And if you had to name one place not to be missed in Palermo …

Talking about exoticism, I would recommend a visit to the Palazzina Cinese (Chinese Palace), a former royal residence and hunting lodge built as a Chinese folly at the end of the 18th century in the park of the Favorita. It’s a bit out of the way, and also surreally out of place and time.


Francesco Pantaleone
Francesco Pantaleone is the founder of gallery FPAC (Francesco Pantaleone Arte Contemporanea), with venues in Palermo and Milan. He also teaches a course on Art Markets at the academy of Palermo.

Are you originally from Palermo?

Yes, I was born here in 1972, from a German Steinerian mother and a Palermitan father, from an old family who has been selling religious articles since 1905.

When you opened your gallery, what was the city’s art scene like?

I trained as an artist, then I worked for Gagosian in New York and for Christie’s in Rome. When I returned to Palermo for family and health reasons, with the intention to leave soon after, I met Francesco Giordano, who then became my partner and my husband, and so I happily stayed on. In 2003 we opened a space on the first floor of Palazzo Rammacca, a 17th century run-down palace overlooking Piazzetta Garraffello, at the heart of La Vuccirìa, the open-air market of the historic centre. It was also our house and the place for a lot of fun: we organized shows and threw big parties with artists, poets, writers, directors, whoever was in town. La Vuccirìa was a rather tough area, but artists fell in love with it, and the gallery worked as a catalyst for those who later chose to move here, like Jenny Saville, Aleksandra Mir (who created special editions to support our open library of more than 3,500 books) and Stefania Galegati. In 2013, we moved to Palazzo di Napoli, in the central Quattro Canti area, with an opening show by Julieta Aranda. In the meantime, Palermo has become more attractive for an international public and its relationship with contemporary art is finally being ratified. It took a while, but tastes are changing. There are still few large collectors, like Francesco Galvagno or the Berlingieri Marquis, whose Palazzo Mazzarino hosts an exceptional contemporary collection: its Cavallerizza, the ancient horse stables, will be opened to the public for the first time, for a monumental installation by Per Barclay, that we organized as a collateral event of Manifesta (15 June – 4 November, curated by Agata Polizzi).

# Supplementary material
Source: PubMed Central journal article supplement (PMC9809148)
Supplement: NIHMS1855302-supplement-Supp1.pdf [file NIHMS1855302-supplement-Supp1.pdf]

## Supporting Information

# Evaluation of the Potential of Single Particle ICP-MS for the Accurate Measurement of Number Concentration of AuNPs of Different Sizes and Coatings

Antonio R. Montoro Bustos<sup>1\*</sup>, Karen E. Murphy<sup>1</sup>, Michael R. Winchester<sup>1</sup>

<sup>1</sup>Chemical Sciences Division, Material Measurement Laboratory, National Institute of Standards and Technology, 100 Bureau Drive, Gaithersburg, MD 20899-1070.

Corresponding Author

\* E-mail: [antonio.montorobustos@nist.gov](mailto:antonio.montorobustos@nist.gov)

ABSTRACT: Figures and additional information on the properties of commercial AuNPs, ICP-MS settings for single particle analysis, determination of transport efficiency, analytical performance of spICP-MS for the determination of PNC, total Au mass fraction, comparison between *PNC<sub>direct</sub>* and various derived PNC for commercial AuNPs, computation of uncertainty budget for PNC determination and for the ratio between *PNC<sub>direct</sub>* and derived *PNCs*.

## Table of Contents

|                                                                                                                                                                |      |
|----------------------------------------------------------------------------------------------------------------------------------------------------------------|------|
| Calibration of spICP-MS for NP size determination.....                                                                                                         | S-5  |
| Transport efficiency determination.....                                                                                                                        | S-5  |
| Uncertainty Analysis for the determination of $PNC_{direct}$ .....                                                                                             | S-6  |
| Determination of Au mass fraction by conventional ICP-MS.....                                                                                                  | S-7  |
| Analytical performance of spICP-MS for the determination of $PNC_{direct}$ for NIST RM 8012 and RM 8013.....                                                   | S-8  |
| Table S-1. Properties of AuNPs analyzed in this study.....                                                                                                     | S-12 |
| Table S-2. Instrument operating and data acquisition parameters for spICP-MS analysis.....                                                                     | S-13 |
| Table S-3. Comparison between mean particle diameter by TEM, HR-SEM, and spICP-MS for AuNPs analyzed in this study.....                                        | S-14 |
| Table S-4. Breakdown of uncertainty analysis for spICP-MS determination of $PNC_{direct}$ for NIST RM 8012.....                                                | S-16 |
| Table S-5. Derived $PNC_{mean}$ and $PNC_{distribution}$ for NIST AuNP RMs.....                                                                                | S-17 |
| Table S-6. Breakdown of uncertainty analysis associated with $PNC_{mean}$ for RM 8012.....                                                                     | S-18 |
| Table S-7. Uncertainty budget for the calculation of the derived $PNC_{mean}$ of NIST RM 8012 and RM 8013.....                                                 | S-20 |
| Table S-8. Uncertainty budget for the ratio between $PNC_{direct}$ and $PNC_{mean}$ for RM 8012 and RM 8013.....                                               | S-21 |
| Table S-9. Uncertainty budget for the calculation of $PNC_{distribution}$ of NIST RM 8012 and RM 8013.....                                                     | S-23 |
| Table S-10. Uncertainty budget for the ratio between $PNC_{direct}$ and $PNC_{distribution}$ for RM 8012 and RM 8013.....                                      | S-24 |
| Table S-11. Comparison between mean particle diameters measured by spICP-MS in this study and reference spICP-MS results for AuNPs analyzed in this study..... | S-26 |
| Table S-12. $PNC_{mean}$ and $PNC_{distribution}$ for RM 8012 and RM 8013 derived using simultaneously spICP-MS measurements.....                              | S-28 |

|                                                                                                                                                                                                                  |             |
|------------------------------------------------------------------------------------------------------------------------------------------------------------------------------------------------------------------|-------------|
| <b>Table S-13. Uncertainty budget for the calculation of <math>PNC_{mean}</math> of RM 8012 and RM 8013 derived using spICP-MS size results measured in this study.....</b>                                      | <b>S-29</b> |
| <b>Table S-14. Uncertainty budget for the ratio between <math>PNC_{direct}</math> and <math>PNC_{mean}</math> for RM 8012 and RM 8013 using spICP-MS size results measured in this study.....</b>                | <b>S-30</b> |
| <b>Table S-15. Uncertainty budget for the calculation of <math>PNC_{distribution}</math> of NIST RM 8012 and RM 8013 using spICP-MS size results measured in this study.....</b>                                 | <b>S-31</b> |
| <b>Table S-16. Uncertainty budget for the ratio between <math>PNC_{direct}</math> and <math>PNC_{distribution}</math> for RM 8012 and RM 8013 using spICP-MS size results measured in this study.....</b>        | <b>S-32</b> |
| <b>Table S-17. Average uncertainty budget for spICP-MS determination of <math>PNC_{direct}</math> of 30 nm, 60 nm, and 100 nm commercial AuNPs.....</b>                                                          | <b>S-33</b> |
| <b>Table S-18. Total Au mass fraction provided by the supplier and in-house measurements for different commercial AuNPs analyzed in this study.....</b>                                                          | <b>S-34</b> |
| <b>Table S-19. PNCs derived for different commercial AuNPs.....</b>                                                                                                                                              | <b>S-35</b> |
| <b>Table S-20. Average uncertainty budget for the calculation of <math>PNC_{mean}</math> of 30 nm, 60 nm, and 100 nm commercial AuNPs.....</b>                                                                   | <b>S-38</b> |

Your gallery represents both international and local artists.

I’ve always considered it a duty of the gallery to pay attention to the local scene, otherwise you operate as a franchise, and that's not my story. Currently, around one third of our artists are from Sicily (like Loredana Longo, Ignazio Mortellaro, Concetta Modica), but many more have showed with us in the past. I think it’s good to keep a balance between the faraway and the close: our latest exhibitions are by Assume Vivid Astro Focus and Carlos Garaicoa, and in September it will be Juergen Teller’s turn.

Do you think that Manifesta will change the image and culture of the city?

I think something always stays in cities, after the passage of so many people. This time, instead of having to go to Venice to see a biennale, Palermitans will have one coming to their doorstep. Let’s wait until Manifesta opens, anyway: artists and curators have worked in conditions that are not easy, so I’m grateful for all their efforts.

What shouldn’t be missed for those visiting Palermo?

The almond sweets of Pasticceria Scimone in Via Imera, an absolute delight.